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Asia, Pakistan, Nangma Valley, Logmun Tower, North Face, Inshallah Mi Primo

Logmun Tower, north face, Inshallah Mi Primo. Logmun Tower stands close to the standard base camp in the Nangma Valley. It is the middle of three impressive north-facing granite towers that have also been referred to as Roungkhanchan (or Roun Khan Chan, peak of many graves) I, II and III or the Green Wall. [The north face of Roungkhanchan I (ca 4,600m) was climbed, probably for the first time, in 2004 by three Italians to give Troubles, Cough, and Fever (14 pitches, 6b+ Al, AAJ 2005, p. 363). The sheer north side of the middle tower was also climbed in 2004 by Frenchmen Frédéric Hasbani and Marco Vanpé. Their 600m route climbed directly up the north face, finishing with a few pitches on the east face. They named the sustained but never extreme route Zen and the Art of Motorcycle Maintenance (VI 6b+ A3). The French referred to this tower as Roungkhanchan III. Its height is ca 4,700m. —Ed.]

Our three-man Basque-Aragonese expedition was one of the first to arrive in Pakistan during 2006 and reached base camp at 3,900m in the Nangma Valley on June 5. We were Dani Ascaso, Gorka Díaz, and I. We had no fixed plans, except to try one of those arêtes that you see in the photos and make you say, “That’s the line!” However, our dream was shattered when continuous rockfall showed the reality to be different. During acclimatization we inspected many walls and eventually decided on the Logmun Tower. The only information we had was of the French route. We looked for other possible lines, and in another attractive crack system discovered signs of previous passage. We now think there were two or three established routes on this wall before our arrival. [Two routes were climbed by Americans in 2001, prior to an unsuccessful attempt on Shingu Charpa, see below]. In the end we opted for the elegant north pillar, direct and attractive. Steep crack systems promised long sections of free climbing.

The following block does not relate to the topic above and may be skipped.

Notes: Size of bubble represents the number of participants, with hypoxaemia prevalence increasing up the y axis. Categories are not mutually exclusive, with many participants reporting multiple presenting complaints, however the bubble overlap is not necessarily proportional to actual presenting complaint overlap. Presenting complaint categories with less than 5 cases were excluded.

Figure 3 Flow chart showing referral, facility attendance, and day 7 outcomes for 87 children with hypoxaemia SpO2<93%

We took 13 days to climb the wall. We spent the first four fixing four pitches (200m) and establishing a portaledge camp. We then climbed capsule style from June 18-26, with Camp 2 at 450m and Camp 3 at 570m. The climbing was sustained without being extreme. The weather was good throughout this period, but we only took food and water for five days, and moving camp required a whole day. However, the day after we finished our water, we came across a snowpatch, which prevented us from having to descend. From the ground wed underestimated the size of the face. The pillar gets little sun, but near the top we made two pendulums to gain the northeast face, which we felt offered faster ground to the top and also got more sun. We hauled our equipment to the top of pitch 16, left it, and climbed the 17th and final pitch at night. From the top we made a three-hour descent on foot to base camp.

After eating and sleeping for two days, we went to retrieve gear and the following day went to the summit, rescued our gear, and brought everything back to base camp. We named the route Inshallah Mi Primo (850m of climbing, A3 6a), in honor of our cook at base camp.

Most of the cracks were dirty, but during our ascent we found traces of previous passage: bolt belays halfway up pitch two and 10m to the left of the third pitch, another bolt on pitch six, and other material on pitches 10, 11, and 12, though nothing above. However, from this evidence we still believe much of our climb was new.

JonatÁn Larrañaga, Spain.